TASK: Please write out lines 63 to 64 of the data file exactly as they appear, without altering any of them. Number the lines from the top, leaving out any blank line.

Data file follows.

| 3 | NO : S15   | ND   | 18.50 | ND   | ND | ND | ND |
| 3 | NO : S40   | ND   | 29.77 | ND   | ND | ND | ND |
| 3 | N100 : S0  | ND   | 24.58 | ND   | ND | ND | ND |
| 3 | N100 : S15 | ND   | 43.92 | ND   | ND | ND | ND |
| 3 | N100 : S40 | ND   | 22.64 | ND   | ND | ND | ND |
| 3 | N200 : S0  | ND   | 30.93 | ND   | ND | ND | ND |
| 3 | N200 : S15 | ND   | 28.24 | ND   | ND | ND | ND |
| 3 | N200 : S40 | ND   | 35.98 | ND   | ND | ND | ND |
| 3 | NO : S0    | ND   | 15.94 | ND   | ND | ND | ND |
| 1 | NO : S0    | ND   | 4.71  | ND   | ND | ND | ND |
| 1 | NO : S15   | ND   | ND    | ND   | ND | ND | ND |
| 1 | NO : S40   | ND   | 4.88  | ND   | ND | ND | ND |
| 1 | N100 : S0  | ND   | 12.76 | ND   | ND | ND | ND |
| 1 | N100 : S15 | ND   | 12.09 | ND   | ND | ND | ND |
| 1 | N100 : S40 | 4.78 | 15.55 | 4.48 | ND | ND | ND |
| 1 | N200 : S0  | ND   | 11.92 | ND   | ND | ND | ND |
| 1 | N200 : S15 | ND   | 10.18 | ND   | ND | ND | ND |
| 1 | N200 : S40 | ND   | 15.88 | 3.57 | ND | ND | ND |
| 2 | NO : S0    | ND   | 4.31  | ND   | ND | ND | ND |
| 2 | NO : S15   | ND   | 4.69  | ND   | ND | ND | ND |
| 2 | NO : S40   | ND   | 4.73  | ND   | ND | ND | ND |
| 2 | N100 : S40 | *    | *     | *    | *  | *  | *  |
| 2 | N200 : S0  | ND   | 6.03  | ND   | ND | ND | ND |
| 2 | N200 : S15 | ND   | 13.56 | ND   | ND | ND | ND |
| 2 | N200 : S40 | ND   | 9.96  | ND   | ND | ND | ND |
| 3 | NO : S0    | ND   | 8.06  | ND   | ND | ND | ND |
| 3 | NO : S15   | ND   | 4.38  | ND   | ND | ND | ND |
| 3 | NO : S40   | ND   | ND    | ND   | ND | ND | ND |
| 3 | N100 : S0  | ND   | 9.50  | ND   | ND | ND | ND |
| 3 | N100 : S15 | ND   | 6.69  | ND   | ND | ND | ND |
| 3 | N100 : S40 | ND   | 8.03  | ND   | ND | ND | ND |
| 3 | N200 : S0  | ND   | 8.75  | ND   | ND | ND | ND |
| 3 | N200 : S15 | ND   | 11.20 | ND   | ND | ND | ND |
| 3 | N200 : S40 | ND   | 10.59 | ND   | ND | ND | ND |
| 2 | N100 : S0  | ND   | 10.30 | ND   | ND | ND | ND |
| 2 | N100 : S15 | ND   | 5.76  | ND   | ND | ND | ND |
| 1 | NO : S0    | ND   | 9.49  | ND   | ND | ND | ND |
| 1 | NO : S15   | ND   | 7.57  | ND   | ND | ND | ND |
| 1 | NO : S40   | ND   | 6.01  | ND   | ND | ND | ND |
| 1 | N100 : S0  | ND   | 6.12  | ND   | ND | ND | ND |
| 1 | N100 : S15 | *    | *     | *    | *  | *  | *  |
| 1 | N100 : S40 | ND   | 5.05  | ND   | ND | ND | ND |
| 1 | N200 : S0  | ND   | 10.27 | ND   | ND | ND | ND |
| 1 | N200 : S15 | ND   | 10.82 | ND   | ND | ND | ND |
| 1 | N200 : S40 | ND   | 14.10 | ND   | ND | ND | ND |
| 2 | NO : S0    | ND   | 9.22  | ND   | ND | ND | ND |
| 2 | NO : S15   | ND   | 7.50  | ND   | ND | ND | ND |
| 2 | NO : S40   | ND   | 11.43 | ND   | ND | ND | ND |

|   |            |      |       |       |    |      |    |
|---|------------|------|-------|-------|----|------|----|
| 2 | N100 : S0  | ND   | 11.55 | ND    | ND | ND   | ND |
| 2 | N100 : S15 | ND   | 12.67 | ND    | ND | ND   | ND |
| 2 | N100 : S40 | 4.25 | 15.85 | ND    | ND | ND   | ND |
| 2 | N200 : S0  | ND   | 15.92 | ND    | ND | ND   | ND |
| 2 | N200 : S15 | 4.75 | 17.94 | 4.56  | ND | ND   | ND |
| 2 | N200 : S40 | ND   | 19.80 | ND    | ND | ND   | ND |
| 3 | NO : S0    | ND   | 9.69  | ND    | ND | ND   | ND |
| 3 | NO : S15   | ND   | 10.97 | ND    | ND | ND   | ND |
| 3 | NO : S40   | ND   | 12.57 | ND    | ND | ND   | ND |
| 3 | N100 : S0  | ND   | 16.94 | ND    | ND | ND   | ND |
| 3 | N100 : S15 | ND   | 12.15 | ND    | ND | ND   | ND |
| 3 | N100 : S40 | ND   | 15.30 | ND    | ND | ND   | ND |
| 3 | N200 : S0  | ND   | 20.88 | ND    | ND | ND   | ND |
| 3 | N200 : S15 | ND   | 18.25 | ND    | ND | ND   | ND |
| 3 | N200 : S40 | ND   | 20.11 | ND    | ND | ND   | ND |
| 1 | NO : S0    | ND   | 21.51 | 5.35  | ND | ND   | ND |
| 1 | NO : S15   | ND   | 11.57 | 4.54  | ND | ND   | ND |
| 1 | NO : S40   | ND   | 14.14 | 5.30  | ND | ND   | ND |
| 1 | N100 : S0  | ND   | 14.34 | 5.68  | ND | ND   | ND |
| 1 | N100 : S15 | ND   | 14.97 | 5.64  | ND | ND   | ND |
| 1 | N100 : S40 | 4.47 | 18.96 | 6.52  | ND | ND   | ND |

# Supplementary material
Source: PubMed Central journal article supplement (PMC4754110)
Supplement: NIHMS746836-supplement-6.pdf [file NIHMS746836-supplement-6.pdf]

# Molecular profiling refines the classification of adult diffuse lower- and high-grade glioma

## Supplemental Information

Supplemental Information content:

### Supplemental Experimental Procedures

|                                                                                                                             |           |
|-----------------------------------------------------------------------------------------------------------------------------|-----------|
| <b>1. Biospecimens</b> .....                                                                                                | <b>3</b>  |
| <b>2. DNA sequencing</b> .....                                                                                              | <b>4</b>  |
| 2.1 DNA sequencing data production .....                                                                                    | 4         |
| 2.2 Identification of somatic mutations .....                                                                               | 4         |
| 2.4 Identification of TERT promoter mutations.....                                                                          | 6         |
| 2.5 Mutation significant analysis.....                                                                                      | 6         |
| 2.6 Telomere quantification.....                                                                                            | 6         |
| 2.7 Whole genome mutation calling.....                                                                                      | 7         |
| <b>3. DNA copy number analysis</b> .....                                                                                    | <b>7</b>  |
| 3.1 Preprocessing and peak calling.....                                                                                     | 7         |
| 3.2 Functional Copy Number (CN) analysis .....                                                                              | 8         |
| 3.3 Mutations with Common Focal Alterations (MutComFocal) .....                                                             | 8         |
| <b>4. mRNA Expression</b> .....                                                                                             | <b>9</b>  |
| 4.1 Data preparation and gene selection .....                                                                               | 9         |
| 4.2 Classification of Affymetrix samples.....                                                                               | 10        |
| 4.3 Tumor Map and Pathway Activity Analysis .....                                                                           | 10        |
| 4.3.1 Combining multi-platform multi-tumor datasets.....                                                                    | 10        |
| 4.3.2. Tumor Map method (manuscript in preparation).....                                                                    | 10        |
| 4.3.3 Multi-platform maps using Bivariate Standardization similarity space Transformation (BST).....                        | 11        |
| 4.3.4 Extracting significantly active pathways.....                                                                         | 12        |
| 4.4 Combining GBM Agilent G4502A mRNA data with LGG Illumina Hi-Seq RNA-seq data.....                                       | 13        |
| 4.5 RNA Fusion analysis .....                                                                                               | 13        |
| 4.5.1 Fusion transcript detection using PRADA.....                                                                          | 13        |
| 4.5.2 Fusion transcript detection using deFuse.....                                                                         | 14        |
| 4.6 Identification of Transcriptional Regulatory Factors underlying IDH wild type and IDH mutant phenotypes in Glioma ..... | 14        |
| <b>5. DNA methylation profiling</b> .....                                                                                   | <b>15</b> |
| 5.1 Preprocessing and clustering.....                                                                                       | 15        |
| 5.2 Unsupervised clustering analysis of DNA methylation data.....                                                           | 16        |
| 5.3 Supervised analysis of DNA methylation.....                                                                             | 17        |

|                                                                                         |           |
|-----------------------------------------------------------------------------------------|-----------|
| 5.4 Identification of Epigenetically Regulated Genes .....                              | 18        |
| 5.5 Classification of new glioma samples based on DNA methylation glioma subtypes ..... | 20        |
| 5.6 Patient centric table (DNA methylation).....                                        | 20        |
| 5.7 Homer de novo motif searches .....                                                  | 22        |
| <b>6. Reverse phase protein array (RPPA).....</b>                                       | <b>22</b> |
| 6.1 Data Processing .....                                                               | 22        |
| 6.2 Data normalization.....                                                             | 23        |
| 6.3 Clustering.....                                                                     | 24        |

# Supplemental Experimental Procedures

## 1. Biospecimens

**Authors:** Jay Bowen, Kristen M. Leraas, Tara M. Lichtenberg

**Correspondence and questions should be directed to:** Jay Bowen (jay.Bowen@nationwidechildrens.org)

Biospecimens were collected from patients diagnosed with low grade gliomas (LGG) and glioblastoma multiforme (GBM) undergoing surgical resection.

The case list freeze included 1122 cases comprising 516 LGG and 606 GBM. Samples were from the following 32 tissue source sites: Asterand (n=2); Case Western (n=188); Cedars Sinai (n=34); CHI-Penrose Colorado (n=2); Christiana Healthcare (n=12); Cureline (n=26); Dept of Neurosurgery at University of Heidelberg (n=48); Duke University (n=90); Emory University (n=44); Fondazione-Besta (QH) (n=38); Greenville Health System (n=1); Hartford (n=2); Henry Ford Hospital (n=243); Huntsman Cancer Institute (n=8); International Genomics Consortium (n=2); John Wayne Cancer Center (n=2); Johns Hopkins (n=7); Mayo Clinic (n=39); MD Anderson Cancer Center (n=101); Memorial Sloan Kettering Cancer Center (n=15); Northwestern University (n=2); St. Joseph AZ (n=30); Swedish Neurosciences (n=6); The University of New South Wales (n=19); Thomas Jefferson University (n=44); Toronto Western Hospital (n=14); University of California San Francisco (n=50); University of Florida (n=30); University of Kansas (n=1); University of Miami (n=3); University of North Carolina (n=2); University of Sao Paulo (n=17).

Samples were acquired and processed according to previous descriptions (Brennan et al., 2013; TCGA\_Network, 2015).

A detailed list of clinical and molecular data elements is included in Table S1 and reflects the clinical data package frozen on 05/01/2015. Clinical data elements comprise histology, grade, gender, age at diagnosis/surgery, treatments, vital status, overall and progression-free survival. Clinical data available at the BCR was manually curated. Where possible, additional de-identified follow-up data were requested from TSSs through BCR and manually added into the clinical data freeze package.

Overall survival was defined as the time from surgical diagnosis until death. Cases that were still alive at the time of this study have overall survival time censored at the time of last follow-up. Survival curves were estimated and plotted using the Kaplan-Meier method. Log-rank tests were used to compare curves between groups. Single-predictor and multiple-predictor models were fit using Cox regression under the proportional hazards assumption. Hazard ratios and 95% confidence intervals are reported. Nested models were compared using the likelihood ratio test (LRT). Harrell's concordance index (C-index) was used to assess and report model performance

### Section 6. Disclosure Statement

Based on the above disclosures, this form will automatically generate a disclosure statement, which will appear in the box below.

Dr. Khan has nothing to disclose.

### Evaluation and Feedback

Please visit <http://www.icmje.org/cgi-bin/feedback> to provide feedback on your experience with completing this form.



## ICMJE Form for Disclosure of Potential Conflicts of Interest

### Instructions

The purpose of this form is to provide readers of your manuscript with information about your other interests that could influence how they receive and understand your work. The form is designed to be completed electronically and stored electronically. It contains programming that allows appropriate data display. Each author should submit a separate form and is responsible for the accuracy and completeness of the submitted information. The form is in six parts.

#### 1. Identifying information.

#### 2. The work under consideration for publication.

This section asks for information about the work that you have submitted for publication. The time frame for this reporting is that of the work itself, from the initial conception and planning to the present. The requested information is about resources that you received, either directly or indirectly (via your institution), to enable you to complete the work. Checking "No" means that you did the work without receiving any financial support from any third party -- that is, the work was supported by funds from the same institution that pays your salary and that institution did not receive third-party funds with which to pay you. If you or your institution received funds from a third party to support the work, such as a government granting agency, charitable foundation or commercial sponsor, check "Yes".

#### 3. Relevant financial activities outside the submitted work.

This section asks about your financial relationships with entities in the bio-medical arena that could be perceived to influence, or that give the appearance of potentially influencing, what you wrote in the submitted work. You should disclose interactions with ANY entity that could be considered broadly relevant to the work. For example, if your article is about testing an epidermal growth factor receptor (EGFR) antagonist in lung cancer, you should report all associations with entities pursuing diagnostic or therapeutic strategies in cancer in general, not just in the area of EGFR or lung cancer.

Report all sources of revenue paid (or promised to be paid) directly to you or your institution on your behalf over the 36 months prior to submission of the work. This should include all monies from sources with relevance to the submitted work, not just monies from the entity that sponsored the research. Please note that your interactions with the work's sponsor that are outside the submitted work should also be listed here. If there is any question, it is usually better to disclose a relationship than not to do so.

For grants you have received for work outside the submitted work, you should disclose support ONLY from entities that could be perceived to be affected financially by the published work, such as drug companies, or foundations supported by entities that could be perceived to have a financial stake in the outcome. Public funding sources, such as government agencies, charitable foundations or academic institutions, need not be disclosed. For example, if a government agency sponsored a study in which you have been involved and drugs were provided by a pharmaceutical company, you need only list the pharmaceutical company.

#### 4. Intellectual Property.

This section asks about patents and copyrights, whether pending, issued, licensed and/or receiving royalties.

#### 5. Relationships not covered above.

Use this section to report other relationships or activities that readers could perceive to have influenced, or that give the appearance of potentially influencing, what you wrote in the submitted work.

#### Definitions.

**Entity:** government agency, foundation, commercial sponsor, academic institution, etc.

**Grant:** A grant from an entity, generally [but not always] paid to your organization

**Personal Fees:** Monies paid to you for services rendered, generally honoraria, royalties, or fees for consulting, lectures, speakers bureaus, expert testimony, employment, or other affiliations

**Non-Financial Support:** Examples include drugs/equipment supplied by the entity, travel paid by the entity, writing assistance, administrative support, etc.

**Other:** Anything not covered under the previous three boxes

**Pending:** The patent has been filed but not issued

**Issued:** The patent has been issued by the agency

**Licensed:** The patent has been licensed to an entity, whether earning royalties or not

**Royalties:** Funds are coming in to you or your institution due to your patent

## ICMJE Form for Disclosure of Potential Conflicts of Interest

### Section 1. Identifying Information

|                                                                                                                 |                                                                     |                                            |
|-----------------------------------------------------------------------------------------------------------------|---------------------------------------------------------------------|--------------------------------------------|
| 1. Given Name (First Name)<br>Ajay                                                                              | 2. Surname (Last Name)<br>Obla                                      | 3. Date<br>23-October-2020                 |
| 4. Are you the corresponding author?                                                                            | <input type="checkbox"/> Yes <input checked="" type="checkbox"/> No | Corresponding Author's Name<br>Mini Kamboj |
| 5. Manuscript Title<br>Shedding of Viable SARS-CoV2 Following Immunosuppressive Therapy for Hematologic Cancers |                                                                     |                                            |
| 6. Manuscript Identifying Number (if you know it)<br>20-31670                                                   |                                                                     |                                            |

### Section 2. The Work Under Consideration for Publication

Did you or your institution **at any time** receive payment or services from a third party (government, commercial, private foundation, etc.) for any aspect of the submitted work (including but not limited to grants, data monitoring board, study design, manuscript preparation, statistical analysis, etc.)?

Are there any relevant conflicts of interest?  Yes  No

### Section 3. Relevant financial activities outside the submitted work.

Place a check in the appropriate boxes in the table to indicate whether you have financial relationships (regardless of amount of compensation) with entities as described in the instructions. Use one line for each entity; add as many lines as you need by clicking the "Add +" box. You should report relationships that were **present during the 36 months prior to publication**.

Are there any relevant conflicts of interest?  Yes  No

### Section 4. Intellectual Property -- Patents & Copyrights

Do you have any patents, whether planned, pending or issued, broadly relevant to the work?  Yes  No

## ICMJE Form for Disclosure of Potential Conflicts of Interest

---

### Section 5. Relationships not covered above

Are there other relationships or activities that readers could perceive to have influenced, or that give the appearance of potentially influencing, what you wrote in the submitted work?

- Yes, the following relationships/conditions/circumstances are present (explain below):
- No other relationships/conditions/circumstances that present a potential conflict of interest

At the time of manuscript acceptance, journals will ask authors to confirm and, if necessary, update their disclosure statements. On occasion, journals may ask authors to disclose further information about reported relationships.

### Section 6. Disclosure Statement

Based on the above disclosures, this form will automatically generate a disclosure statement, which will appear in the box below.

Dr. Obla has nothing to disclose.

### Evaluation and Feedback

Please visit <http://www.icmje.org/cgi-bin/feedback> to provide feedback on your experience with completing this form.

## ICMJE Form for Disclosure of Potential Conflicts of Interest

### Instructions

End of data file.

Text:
| 3 | N200 : S0  | ND   | 20.88 | ND    | ND | ND   | ND |
| 3 | N200 : S15 | ND   | 18.25 | ND    | ND | ND   | ND |